Dakota Access Pipeline ramps up carrying capacity by nearly 50% as expansion continues

Operators of Dakota Access announced this week that the embattled North Dakota pipeline can now carry up to 750,000 barrels of oil a day. The company is in the process of scaling up daily capacity to 1.1 million barrels.

012721.N.GFH.Pipelines 5.jpg Eric Hylden / Grand Forks Herald
A trio of excavators move earth along the now-completed Dakota Access Pipeline route east of Williston, N.D., in late July 2016. Forum News Service file photo

BISMARCK — A new phase in the expansion of the Dakota Access Pipeline's oil capacity is complete, operators of the embattled North Dakota pipeline announced this week.

Energy Transfer, the parent company to Dakota Access, reported the development on its quarterly earnings call on Tuesday, Aug. 3, announcing that the pipeline has ramped up its carrying capacity to about 750,000 barrels a day — an increase of almost 50% from the volume of oil it has been able to carry since beginning operations in 2017.

The Texas-based company has been adding pump stations to scale up the pipeline's load to a total of more than 1.1 million barrels per day when the expansion project is complete.

Members of the North Dakota Public Service Commission approved the installation of a new pump station in Emmons County southeast of Bismarck to allow for the expansion following a marathon hearing in Linton in November of 2019 in which Energy Transfer butted heads with the Standing Rock Sioux Tribe.

Operations of Dakota Access have been vigorously opposed by members of Standing Rock since construction of the pipeline began near their reservation in south-central North Dakota in 2016. The tribe argues the pipeline's Missouri River crossing just off their reservation endangers their water supply.


"It's an outrage," said Jan Hasselman, an attorney representing Standing Rock in its legal challenge to Dakota Access operations. "They don't even have a permit to operate at all because the risks of an oil spill have never been studied. They are subject to ongoing federal enforcement over their many safety violations, and they have previously assured a federal court that the expansion would not occur until the (U.S. Army Corps of Engineers) has signed off on it."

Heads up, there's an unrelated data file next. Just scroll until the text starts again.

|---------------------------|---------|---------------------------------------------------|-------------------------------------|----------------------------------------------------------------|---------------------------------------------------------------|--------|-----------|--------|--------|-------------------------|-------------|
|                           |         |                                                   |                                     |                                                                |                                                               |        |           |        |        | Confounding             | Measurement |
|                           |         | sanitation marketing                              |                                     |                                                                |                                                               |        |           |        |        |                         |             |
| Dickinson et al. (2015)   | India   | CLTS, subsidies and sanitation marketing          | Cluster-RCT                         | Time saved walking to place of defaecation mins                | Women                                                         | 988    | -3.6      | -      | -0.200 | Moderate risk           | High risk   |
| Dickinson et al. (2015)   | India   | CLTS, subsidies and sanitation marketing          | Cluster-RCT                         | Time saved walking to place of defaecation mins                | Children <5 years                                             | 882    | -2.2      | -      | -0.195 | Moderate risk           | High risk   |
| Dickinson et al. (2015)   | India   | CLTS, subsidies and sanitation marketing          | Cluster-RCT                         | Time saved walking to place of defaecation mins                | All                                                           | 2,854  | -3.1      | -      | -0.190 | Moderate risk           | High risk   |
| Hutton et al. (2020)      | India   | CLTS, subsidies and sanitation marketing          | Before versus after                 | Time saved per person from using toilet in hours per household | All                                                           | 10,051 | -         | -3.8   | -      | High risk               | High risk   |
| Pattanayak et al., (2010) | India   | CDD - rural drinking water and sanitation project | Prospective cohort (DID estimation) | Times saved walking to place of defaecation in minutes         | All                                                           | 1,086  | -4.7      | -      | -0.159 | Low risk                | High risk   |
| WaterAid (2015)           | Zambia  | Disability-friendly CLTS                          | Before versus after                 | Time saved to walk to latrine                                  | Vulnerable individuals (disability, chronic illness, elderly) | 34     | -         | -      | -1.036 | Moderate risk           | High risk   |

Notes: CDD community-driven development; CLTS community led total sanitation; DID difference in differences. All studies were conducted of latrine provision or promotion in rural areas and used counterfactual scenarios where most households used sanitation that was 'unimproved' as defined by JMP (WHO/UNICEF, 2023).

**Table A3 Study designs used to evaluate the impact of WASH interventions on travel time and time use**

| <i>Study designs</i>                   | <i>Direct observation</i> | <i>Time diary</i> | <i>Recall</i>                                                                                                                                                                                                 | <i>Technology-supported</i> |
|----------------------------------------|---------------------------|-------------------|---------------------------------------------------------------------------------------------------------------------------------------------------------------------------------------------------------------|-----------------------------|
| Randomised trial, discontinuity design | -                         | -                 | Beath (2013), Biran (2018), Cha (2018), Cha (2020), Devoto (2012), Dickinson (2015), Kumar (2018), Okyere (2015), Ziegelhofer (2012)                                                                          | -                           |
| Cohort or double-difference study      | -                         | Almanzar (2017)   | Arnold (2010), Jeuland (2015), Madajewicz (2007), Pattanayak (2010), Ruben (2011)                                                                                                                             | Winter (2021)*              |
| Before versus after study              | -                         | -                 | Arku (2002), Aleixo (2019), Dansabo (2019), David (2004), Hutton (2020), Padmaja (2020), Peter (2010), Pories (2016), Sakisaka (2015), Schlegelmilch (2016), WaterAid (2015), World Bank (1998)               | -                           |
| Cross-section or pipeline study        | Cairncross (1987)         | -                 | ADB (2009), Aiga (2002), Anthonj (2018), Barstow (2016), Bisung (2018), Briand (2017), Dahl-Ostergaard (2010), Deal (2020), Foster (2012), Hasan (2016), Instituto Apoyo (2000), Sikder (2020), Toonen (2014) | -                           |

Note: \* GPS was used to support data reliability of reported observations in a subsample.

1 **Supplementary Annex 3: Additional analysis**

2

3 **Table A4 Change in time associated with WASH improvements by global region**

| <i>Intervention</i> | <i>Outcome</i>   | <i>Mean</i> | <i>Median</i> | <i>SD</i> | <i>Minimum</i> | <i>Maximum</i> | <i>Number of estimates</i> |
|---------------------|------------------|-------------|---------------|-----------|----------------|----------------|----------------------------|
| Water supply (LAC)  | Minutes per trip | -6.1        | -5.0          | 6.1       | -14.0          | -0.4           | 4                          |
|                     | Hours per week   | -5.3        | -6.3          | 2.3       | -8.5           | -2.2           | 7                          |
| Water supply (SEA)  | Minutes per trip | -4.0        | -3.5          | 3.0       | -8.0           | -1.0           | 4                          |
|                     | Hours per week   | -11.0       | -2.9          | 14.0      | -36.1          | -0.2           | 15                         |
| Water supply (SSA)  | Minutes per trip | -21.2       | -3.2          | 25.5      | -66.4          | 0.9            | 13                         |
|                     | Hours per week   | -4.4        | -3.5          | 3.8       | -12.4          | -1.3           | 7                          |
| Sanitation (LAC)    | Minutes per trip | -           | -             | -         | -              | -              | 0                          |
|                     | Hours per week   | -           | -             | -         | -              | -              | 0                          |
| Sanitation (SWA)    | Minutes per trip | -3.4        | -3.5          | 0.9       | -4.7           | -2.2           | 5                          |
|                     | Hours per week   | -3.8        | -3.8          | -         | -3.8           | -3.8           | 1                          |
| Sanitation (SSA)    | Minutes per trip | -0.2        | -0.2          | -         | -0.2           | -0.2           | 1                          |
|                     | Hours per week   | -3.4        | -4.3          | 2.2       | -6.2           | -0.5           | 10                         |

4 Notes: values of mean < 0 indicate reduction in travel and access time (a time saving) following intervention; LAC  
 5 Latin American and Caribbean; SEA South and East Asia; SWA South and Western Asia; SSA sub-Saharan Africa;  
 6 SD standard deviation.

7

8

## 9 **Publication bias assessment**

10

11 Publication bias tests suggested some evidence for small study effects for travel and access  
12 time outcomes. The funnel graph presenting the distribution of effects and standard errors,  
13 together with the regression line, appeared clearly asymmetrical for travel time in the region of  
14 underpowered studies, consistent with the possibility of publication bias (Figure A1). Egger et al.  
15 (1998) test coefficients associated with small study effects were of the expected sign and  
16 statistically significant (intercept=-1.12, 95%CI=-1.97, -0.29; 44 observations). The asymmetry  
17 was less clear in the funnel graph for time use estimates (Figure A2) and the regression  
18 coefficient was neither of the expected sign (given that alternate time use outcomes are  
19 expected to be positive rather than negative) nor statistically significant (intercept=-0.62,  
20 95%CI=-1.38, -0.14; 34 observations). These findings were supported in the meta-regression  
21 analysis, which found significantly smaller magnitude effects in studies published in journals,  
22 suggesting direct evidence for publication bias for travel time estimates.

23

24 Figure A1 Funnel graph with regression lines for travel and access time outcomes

And though Dakota Access opponents have been disappointed that President Joe Biden's administration so far declined to take action against the pipeline, Hasselman said circumstances changed in recent months, in part because of recent federal fines slapped on Energy Transfer for safety violations.

"And now we have the entity essentially snubbing its nose at the White House, all but taunting them," he said.

A five-year legal battle between Standing Rock and Energy Transfer over the pipeline's permit at the Missouri River crossing came to a close earlier this summer. A federal judge last summer revoked Dakota Access' permit at the river crossing, but the same judge said this May that the tribe's legal arguments did not meet the standard needed for him to order the pipeline to shut down.

The Army Corps is in the middle of an extensive environmental review of Dakota Access and its Missouri River crossing near the Standing Rock reservation to determine whether the pipeline's permit will be returned.

The Biden administration and Army Corps have declined to shut the pipeline down, though they have not ruled out enforcement actions. Standing Rock leadership has continued to call on the White House to intervene and recently cited a federal agency's intention to fine Energy Transfer over safety violations as further justification for a shutdown.

The expansion project is part of the agency's environmental assessment. That's slated for completion in March of 2022, but the Army Corps recently indicated it is considering an extension on that timeline following requests from the tribes.

Justin Kringstad, director of the North Dakota Pipeline Authority, said Bakken oil producers are already using a portion of the incremental capacity increase in Dakota Access, adding new pipeline space will likely prompt some shift from rail transport to the pipeline. The vast majority of North Dakota's oil is carried to market by pipeline, but Kringstad said trains transport around 200,000 barrels per day.


Dakota Access carries oil from northwestern North Dakota to Illinois, and the pipeline cleared its last regulatory hurdle for the expansion project after receiving a greenlight from Illinois regulators last fall. The company said it expects the full expansion to be complete by the end of this year.

Readers can reach Forum reporter Adam Willis, a Report for America corps member, at

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